Why an Upcoming Mystery Novel is Very Much a Personal Memoriam


Dandola was vacationing with several other media and entertainment professionals who had no personal knowledge of the church but they all were offended that the tragedy was given such short shrift. It was difficult even for those strangers to imagine how a building could exist for nearly two-hundred years and somehow suddenly be gone. A few years ago, when writing one of his West Orange histories, Dandola had contacted the diocese for information about the church other than what he had in his files. The diocese was surprised that someone was actually taking an interest and happily supplied some materials. The building was taken so much for granted that it had become almost invisible and it was on the verge of being placed on the market due to a drastically dwindling congregation.

"All I kept thinking about was that communication back and forth with the diocese," says Dandola. "Here I was in the tropics on a beach but my mind was in New Jersey in January. I needed to somehow come to terms with the loss of a structure I had never entered but was still so much a part of my life."

His solution? Work the fire into one of his mystery novels. Currently,
there are five West Orange-based mystery novels written by Dandola and set in the 1940's (one of the decades from the town's heyday). Three more novels were already completed and slated for release but soon there will be a fourth about the St. Mark's fire joining that lineup.

"I just couldn't leave it alone," Dandola confesses. "The building linked to so much just by silently standing there overlooking everything that was going on. It almost had a human presence."

As the West Orange Fire Department's historian, Dandola not only knew how the aftermath of such a fire would have been handled in the middle of the last century but he knew which actual people would have handled it. Such details are what make his novels seem so real. But how does an author go about creating a 1940's mystery around a twenty-first century tragedy?

Dandola's explanation is an insight into how an author's mind works. "First of all, the cause of the fire is fertile ground for speculation. That building stood without incident for nearly two centuries. Candles, oil lamps, gaslights, and early electricity never endangered a thing but suddenly in this day and age of safeguards upon safeguards upon safeguards a stone building is gutted by flame. I write fiction. That's more than enough to spur imagination. Since it's fiction, I simply moved the time period from 2016 to 1944 and let my characters undertake an investigation. When the pieces fall into place and my characters begin talking to one another I know I'm on track and the story takes on a life of its own. I'm not out to solve the real reason for the fire but I get to pay homage to the landmark and give its accurate history. I'll settle for that."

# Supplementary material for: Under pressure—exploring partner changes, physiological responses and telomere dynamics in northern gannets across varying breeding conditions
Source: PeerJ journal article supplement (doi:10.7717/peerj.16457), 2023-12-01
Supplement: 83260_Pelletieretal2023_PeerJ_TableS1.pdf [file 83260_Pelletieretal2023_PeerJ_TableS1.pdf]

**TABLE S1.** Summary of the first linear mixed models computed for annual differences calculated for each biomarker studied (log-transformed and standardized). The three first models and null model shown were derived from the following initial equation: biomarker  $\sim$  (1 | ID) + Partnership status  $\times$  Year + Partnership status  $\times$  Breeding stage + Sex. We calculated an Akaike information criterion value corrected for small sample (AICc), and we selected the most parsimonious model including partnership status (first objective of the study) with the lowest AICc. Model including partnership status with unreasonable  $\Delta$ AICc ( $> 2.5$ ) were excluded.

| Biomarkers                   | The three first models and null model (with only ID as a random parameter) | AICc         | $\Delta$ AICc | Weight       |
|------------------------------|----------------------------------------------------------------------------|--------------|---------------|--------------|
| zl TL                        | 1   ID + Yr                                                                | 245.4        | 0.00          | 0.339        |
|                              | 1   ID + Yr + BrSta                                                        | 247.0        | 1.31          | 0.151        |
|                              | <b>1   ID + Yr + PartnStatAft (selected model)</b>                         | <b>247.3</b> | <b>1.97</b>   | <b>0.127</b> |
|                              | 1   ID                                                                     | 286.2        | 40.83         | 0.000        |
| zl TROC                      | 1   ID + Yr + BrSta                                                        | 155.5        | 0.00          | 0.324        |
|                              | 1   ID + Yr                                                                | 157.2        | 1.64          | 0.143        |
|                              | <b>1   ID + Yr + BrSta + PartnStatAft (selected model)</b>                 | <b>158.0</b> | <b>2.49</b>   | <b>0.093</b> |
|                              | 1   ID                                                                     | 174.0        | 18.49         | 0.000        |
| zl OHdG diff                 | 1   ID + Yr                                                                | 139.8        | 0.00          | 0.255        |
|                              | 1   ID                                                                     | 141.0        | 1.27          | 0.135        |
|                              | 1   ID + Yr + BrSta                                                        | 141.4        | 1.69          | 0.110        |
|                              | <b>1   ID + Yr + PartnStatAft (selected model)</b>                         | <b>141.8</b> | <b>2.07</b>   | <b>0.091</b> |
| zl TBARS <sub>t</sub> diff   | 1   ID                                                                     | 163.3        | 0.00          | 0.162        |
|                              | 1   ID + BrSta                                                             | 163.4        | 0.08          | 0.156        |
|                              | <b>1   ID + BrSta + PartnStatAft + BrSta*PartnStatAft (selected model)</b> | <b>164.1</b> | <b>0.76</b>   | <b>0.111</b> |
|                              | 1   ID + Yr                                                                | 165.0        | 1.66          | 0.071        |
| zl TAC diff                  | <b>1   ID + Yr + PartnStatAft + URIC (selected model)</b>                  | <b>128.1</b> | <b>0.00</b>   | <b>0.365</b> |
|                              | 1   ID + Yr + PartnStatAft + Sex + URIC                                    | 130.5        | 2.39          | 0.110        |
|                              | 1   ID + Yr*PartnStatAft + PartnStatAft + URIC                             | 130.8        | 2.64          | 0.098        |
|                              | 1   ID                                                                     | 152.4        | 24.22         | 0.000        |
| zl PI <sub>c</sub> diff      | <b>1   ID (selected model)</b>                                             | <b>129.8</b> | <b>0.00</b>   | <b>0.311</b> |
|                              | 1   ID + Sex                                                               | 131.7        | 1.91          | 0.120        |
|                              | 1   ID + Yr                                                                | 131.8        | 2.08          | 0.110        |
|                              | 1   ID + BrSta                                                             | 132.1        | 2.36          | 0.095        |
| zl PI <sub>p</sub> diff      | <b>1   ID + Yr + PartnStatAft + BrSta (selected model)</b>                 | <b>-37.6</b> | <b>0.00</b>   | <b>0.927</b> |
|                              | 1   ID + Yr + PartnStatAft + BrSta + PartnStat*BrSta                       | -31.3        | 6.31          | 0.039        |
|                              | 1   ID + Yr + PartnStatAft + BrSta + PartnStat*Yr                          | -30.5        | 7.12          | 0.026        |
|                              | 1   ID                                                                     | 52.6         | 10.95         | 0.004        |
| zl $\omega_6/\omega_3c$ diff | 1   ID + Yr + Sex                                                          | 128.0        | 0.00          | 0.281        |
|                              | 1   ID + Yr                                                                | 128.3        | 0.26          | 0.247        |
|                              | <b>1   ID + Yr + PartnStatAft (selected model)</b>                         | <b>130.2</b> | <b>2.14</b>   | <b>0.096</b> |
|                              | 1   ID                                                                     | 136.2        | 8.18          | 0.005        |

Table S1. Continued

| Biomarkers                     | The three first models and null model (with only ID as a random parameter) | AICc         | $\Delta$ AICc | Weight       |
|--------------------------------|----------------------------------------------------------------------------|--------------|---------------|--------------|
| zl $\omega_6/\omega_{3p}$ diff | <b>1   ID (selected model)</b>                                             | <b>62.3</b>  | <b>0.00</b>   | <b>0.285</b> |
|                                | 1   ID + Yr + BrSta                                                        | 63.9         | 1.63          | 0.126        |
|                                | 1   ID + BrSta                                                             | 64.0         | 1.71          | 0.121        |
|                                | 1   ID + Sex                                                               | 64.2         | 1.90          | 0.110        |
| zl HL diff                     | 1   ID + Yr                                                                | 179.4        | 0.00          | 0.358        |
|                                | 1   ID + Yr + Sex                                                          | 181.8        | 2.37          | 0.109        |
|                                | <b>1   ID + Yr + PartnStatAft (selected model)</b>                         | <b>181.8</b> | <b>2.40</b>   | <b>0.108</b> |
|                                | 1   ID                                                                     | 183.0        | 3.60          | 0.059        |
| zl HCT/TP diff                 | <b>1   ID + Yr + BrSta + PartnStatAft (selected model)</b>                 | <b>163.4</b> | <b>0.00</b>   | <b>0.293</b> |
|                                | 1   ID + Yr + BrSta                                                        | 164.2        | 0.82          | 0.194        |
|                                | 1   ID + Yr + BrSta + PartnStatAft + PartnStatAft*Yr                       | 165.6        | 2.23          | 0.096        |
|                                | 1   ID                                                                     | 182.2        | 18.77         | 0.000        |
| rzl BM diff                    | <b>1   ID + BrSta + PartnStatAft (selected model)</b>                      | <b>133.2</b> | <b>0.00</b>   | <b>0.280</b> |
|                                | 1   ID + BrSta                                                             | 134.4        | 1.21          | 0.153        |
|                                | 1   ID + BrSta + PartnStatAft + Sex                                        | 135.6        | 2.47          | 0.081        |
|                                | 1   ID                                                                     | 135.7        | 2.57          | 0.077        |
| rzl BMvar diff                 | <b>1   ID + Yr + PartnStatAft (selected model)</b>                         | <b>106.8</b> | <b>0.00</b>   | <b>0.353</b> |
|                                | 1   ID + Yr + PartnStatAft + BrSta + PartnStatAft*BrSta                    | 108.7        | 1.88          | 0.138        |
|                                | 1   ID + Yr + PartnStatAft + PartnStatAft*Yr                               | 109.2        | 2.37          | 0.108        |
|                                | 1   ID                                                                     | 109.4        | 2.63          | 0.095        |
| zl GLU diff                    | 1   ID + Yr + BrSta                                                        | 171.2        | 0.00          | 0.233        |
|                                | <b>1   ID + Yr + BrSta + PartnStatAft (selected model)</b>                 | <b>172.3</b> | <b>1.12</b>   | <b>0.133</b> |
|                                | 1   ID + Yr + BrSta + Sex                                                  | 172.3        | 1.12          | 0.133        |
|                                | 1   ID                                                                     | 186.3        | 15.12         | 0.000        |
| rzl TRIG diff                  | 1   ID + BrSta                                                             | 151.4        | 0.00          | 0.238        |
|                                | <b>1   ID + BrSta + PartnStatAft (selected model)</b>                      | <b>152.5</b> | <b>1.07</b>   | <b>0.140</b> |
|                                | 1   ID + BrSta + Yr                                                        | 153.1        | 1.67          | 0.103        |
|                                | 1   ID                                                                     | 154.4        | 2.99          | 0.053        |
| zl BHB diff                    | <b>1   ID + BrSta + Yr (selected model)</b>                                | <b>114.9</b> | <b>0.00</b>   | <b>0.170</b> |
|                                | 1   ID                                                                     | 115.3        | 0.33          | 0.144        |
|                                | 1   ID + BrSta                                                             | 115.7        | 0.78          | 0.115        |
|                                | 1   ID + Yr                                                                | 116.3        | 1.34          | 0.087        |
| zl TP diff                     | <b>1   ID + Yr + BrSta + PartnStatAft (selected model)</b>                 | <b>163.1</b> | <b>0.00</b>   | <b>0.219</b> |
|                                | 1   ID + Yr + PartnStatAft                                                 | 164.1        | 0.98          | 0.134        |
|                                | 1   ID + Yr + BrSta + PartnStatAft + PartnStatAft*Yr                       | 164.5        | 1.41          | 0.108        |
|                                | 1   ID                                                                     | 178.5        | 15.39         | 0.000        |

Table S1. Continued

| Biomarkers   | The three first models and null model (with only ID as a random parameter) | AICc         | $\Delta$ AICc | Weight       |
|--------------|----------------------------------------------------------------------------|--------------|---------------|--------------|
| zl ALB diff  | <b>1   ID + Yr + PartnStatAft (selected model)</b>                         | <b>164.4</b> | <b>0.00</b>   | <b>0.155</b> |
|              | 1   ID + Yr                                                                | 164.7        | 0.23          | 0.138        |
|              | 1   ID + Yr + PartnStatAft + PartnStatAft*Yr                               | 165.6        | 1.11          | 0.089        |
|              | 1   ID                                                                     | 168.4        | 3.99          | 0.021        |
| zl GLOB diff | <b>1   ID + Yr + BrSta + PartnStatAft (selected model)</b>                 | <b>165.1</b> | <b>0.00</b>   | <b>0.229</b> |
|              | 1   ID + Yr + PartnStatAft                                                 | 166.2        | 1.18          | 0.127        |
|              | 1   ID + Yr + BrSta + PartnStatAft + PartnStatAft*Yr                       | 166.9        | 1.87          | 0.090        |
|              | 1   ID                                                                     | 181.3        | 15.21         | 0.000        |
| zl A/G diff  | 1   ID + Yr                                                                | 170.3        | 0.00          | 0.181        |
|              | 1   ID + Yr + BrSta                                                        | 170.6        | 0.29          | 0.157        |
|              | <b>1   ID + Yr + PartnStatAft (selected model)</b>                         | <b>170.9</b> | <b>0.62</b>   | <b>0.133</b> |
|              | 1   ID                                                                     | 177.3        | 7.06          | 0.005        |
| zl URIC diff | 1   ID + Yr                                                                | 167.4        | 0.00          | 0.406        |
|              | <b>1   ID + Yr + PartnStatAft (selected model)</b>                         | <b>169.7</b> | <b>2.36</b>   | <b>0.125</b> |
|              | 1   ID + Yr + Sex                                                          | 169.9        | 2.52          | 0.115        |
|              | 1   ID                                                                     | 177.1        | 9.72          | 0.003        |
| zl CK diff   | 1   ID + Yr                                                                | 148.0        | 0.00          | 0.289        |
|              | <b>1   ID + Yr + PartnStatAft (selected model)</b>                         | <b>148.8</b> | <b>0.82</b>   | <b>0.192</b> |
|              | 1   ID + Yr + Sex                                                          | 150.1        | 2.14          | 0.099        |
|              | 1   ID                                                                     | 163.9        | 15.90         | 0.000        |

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Copyright 2016 by John Dandola, Ltd. All rights reserved.
Author Finds Inspiration
in Local Landmark Tragedy
PRLog  (Press Release) February 23, 2016 Almost two months ago, just before dawn on New Year's Day, St. Mark's Episcopal Church in West Orange, New Jersey, was entirely gutted by fire. The brownstone church had been a landmark perched above Main Street since 1828 and enlarged with various almost imperceptible additions throughout the nineteenth century. Author John Dandola, whose own family has been a town fixture since before The Revolution, was away on vacation when news of the destruction reached him. He was stunned.

His recollection is quite vivid: "I got a phone call about what had happened and it was like being told a family member had died. I retrieved the televised coverage online. As expected, they went for the usual spectacular images that that kind of architecture supplies when engulfed in flames. Then they did the usual on-the-street interviews with bystanders who had no real clue as to the building's significance. The television reporting was scant and historically incorrect. Newspaper coverage just repeated the same erroneous material."
St. Mark's Episcopal Church
The original nave was built in 1828
and gutted in 2016.